How to Know Whether a Stock Certificate Has Been Canceled

Publicly traded companies have various ways of physically canceling their stock.
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A publicly traded company may cancel its existing shares for one of several different reasons. If the company files for bankruptcy protection, it may cancel the shares in a reorganization plan. If a buyout or merger is in the works, or if the board of directors intends to take the company private, then the business may cancel or surrender stock as a condition of the deal. The physical stock certificates will reveal whether the stock has been canceled.

Stamps and Marks

A company may cancel its shares by physically marking them. There is no legally required way to do this, so the methods will vary. A rubber-stamped "canceled" may appear somewhere on the face of the certificate. Signatures or serial numbers may be X'd out. A canceled certificate must be altered in some way so that the original information on the document is marked or deleted.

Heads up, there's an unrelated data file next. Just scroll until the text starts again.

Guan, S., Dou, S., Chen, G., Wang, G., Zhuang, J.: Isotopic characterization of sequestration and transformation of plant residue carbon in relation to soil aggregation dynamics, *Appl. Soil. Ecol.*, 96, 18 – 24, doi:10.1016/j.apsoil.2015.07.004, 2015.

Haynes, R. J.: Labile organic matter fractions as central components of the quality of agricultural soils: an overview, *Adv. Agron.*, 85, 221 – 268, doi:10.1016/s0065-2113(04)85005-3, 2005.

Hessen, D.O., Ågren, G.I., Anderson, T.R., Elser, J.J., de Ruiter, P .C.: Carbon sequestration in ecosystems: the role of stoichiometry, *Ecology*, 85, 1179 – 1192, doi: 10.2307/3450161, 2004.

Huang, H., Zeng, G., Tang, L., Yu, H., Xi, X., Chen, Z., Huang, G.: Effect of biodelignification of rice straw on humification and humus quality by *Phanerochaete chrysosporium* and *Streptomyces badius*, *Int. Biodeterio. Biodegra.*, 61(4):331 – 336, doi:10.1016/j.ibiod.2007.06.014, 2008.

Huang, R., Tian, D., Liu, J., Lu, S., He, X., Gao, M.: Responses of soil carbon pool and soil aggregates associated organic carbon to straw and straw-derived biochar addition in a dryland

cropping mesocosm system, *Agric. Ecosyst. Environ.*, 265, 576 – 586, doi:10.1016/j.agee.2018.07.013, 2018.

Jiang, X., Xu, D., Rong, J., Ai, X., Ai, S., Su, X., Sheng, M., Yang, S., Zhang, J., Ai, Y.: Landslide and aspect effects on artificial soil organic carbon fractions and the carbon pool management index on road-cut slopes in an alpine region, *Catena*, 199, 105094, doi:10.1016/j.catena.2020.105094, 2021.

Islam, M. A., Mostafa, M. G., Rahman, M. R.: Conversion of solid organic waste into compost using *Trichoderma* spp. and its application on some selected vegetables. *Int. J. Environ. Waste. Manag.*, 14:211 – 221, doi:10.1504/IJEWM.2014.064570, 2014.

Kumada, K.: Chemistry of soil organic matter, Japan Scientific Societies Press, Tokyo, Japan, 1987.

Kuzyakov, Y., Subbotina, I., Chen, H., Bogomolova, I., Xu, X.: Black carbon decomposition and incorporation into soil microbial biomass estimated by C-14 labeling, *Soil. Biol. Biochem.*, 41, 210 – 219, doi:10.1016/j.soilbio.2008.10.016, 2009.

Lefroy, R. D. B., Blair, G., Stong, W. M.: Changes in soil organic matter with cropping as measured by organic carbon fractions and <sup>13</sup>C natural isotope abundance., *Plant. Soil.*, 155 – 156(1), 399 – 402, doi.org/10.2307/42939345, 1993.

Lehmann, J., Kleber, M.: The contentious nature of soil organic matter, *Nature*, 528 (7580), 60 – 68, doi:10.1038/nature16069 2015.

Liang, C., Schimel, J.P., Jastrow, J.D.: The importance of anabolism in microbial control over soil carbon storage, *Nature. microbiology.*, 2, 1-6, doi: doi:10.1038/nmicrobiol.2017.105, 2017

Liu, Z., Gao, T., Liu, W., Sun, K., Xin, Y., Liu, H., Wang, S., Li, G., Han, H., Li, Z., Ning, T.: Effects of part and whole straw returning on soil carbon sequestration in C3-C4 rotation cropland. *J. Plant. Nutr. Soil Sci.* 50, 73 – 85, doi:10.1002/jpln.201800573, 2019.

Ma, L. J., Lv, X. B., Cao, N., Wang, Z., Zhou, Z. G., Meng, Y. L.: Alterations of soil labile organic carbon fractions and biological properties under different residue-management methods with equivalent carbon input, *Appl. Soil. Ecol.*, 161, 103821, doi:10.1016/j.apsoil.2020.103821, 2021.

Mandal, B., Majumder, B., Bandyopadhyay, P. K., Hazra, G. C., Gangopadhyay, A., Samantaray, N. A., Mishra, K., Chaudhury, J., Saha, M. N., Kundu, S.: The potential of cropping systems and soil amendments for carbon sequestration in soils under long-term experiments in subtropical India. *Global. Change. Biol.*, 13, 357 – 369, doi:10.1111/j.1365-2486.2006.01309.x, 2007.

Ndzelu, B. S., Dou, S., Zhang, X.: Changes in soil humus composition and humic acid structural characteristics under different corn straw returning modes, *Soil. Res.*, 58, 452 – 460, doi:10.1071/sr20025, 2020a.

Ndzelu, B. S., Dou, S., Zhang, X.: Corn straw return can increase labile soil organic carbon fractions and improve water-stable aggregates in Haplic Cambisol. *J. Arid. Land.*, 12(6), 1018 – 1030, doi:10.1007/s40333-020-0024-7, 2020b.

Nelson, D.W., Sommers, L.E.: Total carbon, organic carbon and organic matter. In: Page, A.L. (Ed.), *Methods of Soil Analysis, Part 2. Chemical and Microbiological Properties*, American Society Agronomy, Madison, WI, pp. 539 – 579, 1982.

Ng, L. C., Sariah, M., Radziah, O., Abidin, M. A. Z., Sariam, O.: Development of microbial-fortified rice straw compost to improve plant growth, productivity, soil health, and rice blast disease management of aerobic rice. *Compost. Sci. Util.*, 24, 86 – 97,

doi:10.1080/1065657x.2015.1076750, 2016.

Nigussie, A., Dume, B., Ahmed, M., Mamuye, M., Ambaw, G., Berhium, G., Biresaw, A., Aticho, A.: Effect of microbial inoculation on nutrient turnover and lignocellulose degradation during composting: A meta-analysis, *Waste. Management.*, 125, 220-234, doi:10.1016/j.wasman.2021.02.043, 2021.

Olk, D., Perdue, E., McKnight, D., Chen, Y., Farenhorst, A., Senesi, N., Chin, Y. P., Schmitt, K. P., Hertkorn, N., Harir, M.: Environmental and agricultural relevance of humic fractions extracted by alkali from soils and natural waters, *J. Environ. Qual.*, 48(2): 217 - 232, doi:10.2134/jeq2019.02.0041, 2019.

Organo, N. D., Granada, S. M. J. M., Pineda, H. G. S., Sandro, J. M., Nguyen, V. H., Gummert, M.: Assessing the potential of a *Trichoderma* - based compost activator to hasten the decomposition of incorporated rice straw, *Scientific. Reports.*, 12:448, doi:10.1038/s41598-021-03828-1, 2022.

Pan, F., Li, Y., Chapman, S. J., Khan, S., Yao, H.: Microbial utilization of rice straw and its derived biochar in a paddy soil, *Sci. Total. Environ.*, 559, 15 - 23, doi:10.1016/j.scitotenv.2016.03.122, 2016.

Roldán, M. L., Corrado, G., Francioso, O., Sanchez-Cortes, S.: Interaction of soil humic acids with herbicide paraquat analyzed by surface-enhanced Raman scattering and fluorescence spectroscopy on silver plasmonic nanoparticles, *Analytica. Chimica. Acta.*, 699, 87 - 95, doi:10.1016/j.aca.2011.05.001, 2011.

Another popular method of canceling a stock certificate is to with a hole-punch. Certificates missing a portion of their surface are rendered invalid, as are currency notes that have been punched or have had their serial numbers removed. The punch may be small and only applied to the edge of the certificate, or somewhere near the signature lines. In addition, if the word "Void" appears on the front or back, then either the company or the stockholder has purposely canceled the certificate. The effect is the same as if "Void" is written across a personal check.


Marking a certificate may render it invalid, but the final authority lies with the company that issued the stock. The firm must keep track of its issued stock, and of any action taken to cancel the shares. If you are uncertain about a canceled stock certificate, contact the company, if possible, and request the investor relations department. If it still exists, the company will know which certificates have been canceled; company records are the primary legal evidence of cancellation.


With their calligraphy, signatures and flamboyant printed filigree, and as interesting physical testaments to financial history, stock certificates have long been a collector's item. As with other collectibles, value is directly tied to condition. A stock certificate that has not been canceled will be worth more; other factors are condition of the paper and public interest in the particular company represented. Hole-punches, deleted serial numbers, "X" marks and rubber stamp marks decrease the value of old certificates significantly.

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